Harlequin Shrimp - Facts On The Stunning Harlequin Shrimp
Harlequin Shrimp Facts
Scientific Name : Hymenocera Elegans, Hymenocera Picta
Origin : Indo-Pacific, Hawaii
Difficulty : Fairly Tough (Diet Related)
Minimum Size Tank : 10 Gallons
Temperament : Peaceful, Shy
Temperature : 72 - 82°F
Reef Safe : Yes
Maximum Size : 3 inches
Diet : Starfishes Only
The Harlequin Shrimp is my personal favorite. Having had a pair for a number of years, i can safely say that there isn't a more stunning marine Aquarium Shrimp in the marine aquarium hobby. They are all white with patches of purple, blue or orange-red.
The shape of the harlequin shrimp is what makes it so distinctive. It looks more like flower of some sort than a shrimp. Heavily collected throughout the Indo-Pacific, Hawaii versions are a lot more uncommon as well as expensive. They are a relatively shy shrimp, preferring to hang out in caves and dark spots. They also tend to be site attached, meaning they are usually found in their lair of choice.
Harlequin Shrimp Dance
There are two known species of harlequin shrimp, hymenocera picta and hymenocera elegans. They differ only in where they are found. H.picta hails from Hawaii while H.elegans is found throughout the Indo-Pacific. Also, i've found that H.picta tends to have a lot more purple-orange than H.elegans. The H.elegans i see always seem to be blue-purple with occasional specimens which are orange.
There is debate as to the real differences between them as they look and behave entirely alike. Some learned marine biologists think there are both one and the same having migrated to or from the Indo-Pacific. It is a slow moving shrimp which was shocking to me initially as i expected agility similar to fire shrimp or cleaner shrimp. They are best described as underwater rhinos with their slow gait. But at the first sign of a meal, they spring into action. More on that below.
Harlequin Shrimp And Starfish
Chocolate Chip Starfish
Harlequin Shrimp Diet
The appearance of the harlequin shrimp isn't the only aspect that sets them apart from other shrimp. They have a truly unique diet as in they only feed on starfish. There have been reported instances where they have been seen preying on sea urchins as well but that is rare. Considering their unique dietary needs, feeding harlequin shrimps can be expensive. A single chocolate chip starfish will last my mated pair about a week at most.
Once these shrimp see a starfish they spring into action rushing towards. They then attempt to flip it over. Finally they drag the starfish back to their lair for feeding. During the feeding process, the harlequin shrimp will attempt to keep the starfish alive as it slowly feeds on its feet bit by bit. I recommend chocolate chip starfish over other types of starfish mainly because they are tough and take a while to finally perish. The blue linkia starfish tend to die all too quickly for my liking.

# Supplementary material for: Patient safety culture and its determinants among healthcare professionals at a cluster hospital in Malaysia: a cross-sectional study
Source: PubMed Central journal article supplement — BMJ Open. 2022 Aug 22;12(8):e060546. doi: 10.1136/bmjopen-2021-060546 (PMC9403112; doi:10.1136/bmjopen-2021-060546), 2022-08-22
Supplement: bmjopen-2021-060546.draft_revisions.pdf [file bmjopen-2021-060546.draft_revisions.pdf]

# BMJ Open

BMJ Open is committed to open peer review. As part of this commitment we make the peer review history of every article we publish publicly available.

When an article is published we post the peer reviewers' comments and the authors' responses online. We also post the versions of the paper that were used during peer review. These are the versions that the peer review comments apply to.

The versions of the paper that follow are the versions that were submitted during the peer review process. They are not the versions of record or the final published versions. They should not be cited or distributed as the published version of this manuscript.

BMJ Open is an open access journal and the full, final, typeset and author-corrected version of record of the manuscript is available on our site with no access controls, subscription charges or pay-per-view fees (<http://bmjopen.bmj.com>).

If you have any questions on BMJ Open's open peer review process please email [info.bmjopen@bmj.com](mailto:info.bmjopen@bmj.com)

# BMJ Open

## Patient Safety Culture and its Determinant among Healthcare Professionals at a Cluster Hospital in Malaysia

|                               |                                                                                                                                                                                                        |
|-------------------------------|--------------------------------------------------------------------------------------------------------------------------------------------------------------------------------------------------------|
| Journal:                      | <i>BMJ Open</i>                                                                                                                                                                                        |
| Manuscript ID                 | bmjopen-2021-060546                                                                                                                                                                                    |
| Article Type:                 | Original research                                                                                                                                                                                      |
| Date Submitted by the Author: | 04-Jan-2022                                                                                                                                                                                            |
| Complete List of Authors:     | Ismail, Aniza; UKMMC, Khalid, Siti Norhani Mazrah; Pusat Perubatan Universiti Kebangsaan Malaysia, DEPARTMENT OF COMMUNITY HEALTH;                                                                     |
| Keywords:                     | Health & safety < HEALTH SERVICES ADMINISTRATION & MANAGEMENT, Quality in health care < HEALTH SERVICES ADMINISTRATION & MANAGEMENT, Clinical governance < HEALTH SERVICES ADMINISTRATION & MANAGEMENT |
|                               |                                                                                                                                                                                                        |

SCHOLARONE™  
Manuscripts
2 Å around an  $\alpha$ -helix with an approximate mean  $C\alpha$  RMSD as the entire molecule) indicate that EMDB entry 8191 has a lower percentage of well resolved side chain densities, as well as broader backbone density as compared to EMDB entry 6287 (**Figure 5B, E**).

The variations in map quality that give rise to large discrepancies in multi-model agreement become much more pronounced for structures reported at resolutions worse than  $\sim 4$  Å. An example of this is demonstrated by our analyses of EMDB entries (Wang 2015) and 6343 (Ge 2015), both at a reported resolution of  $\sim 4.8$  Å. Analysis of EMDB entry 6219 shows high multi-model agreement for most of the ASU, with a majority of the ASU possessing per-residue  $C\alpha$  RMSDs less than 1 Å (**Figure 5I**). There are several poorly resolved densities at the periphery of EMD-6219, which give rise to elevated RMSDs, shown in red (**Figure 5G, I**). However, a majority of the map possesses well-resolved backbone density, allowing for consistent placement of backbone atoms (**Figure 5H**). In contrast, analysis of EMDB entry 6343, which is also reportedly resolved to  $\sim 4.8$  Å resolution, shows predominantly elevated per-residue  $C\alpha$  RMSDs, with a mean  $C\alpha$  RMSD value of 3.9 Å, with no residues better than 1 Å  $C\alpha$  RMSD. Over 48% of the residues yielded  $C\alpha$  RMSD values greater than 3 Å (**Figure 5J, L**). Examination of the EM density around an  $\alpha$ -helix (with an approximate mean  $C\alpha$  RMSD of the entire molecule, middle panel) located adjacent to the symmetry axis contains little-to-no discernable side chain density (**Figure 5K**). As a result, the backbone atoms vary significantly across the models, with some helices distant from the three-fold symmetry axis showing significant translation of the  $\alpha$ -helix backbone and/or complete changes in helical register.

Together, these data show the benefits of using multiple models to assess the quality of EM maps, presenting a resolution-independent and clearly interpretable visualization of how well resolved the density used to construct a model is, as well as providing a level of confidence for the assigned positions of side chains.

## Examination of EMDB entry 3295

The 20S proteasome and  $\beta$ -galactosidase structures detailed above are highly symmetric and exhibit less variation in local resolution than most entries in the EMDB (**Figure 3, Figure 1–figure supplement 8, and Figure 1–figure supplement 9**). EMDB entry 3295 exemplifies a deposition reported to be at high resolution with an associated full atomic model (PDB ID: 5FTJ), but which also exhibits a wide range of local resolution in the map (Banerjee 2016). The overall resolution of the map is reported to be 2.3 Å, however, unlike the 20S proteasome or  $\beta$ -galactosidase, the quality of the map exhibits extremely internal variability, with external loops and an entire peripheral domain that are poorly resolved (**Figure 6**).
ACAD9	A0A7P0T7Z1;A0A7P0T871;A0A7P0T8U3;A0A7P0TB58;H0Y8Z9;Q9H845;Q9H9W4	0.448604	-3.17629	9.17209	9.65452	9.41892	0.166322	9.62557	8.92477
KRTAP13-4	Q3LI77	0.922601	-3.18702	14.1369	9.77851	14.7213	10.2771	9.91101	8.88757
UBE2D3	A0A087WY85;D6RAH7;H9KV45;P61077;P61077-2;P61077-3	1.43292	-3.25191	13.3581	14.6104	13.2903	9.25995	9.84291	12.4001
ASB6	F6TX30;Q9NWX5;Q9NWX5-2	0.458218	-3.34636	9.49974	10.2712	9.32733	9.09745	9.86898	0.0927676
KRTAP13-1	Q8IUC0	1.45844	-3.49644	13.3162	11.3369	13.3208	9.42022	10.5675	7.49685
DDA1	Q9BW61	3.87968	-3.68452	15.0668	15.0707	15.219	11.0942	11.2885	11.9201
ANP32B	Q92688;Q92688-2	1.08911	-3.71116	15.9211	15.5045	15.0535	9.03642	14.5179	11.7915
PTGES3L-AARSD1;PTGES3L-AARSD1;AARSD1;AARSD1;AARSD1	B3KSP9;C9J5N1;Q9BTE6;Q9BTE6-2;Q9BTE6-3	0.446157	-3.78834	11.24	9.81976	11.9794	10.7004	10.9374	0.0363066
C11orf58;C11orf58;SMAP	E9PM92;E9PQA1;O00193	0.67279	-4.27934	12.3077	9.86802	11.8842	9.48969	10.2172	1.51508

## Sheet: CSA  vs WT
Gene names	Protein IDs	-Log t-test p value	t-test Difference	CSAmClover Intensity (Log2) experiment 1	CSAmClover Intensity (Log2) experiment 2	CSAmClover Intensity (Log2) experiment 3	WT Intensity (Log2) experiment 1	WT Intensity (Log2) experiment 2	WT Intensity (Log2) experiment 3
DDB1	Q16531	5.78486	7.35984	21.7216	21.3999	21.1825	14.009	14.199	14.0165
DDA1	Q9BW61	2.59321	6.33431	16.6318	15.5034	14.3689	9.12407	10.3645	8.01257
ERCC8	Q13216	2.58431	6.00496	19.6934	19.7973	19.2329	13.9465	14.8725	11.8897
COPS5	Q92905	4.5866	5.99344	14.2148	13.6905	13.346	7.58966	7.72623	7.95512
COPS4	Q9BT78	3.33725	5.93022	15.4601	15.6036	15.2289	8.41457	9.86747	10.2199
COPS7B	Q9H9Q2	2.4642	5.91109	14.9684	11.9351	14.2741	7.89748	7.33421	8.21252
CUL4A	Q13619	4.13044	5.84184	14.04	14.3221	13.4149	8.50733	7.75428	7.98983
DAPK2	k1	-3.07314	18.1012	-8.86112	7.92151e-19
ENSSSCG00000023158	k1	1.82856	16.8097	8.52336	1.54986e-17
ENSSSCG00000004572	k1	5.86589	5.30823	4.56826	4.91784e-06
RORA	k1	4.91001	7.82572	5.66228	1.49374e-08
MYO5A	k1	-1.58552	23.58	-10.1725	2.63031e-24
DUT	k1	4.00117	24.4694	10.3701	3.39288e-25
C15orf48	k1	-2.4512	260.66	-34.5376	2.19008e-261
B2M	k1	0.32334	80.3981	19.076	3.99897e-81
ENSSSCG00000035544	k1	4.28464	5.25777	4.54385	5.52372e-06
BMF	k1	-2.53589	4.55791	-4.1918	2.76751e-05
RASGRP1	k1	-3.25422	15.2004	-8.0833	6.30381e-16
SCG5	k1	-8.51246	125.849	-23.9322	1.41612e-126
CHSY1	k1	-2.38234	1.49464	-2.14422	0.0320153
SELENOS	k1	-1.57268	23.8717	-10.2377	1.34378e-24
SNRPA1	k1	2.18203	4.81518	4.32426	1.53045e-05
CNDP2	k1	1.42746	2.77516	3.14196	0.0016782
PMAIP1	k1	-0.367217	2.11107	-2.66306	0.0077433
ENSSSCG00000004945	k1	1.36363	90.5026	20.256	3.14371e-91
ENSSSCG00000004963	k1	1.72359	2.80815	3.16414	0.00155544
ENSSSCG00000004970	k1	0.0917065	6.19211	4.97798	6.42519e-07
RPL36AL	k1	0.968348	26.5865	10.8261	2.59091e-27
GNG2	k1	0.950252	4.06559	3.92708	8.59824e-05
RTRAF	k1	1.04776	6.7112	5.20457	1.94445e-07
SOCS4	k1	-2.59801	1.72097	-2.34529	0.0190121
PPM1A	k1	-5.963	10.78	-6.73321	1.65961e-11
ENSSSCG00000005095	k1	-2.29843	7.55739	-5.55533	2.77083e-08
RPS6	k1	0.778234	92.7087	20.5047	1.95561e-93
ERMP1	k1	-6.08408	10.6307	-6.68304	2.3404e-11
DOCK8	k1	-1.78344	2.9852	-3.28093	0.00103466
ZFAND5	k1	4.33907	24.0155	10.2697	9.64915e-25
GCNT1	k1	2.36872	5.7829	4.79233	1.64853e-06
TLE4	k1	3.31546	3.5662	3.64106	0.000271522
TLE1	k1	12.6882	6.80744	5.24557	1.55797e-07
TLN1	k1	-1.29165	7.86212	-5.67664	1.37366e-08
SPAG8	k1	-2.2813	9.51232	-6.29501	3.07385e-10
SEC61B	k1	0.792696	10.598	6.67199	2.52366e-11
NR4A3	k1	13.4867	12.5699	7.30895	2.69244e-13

The feeding process can be messy as bits of starfish may be lying around slowly rotting and fouling up the tank water. Also, you need to keep an eye on the starfish. If it dies prematurely it can cause a real mess especially for smaller nano aquariums. Others have a different method of feeding them. They cut of the arms and store them in a freezer for future feeding. Or they cut off a single arm and let the starfish regenerate. This cycle is repeated over and over again.
Harlequin Shrimp Pair
Harlequin Shrimp Breeding
Breeding of the harlequin shrimp has been achieved only by a handful of dedicated enthusiasts. One particular successful breeding came from the country of Japan. The hobbyist concerned managed to raise the larvae all the way up to adulthood using newly hatched brine shrimp and copepods.
However, they doesn't seem to be much effort put into breeding them at the moment. Those that do, don't normally get past the larval rearing stages. Telling a male from a female is fairly easy. Males are smaller and if you look at its bottom of its abdomen, you will notice that the plates are all white. Females have plates that are colored. I recommend buying two similar size shrimps for breeding as a large female may kill a smaller male. I lost 3 small males before i wised up and got one just as big as the female.
Once the pair has been established and they have a constant food supply, they will breed for you every month. Breeding takes place only after they molt so the rate at which they breed can be dependent on how often they molt.
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